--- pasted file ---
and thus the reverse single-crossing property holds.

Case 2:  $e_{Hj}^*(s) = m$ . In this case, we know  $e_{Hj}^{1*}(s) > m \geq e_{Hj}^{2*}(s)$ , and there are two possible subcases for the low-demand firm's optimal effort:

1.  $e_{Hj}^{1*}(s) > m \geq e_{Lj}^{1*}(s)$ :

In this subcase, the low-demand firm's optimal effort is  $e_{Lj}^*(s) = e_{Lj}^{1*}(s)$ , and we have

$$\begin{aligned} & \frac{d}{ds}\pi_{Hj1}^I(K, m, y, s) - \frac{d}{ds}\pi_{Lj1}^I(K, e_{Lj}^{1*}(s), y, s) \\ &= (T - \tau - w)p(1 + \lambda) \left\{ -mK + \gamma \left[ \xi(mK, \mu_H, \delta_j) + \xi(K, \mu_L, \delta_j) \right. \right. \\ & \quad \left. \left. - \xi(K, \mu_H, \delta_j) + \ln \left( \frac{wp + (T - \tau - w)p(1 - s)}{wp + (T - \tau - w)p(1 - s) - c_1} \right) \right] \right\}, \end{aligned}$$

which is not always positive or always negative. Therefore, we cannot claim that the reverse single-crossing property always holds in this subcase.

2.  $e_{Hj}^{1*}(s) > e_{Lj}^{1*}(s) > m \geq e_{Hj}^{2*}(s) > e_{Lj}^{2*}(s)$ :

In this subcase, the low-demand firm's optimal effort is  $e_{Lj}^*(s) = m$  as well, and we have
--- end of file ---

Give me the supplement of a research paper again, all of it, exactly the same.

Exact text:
and thus the reverse single-crossing property holds.

Case 2:  $e_{Hj}^*(s) = m$ . In this case, we know  $e_{Hj}^{1*}(s) > m \geq e_{Hj}^{2*}(s)$ , and there are two possible subcases for the low-demand firm's optimal effort:

1.  $e_{Hj}^{1*}(s) > m \geq e_{Lj}^{1*}(s)$ :

In this subcase, the low-demand firm's optimal effort is  $e_{Lj}^*(s) = e_{Lj}^{1*}(s)$ , and we have

$$\begin{aligned} & \frac{d}{ds}\pi_{Hj1}^I(K, m, y, s) - \frac{d}{ds}\pi_{Lj1}^I(K, e_{Lj}^{1*}(s), y, s) \\ &= (T - \tau - w)p(1 + \lambda) \left\{ -mK + \gamma \left[ \xi(mK, \mu_H, \delta_j) + \xi(K, \mu_L, \delta_j) \right. \right. \\ & \quad \left. \left. - \xi(K, \mu_H, \delta_j) + \ln \left( \frac{wp + (T - \tau - w)p(1 - s)}{wp + (T - \tau - w)p(1 - s) - c_1} \right) \right] \right\}, \end{aligned}$$

which is not always positive or always negative. Therefore, we cannot claim that the reverse single-crossing property always holds in this subcase.

2.  $e_{Hj}^{1*}(s) > e_{Lj}^{1*}(s) > m \geq e_{Hj}^{2*}(s) > e_{Lj}^{2*}(s)$ :

In this subcase, the low-demand firm's optimal effort is  $e_{Lj}^*(s) = m$  as well, and we have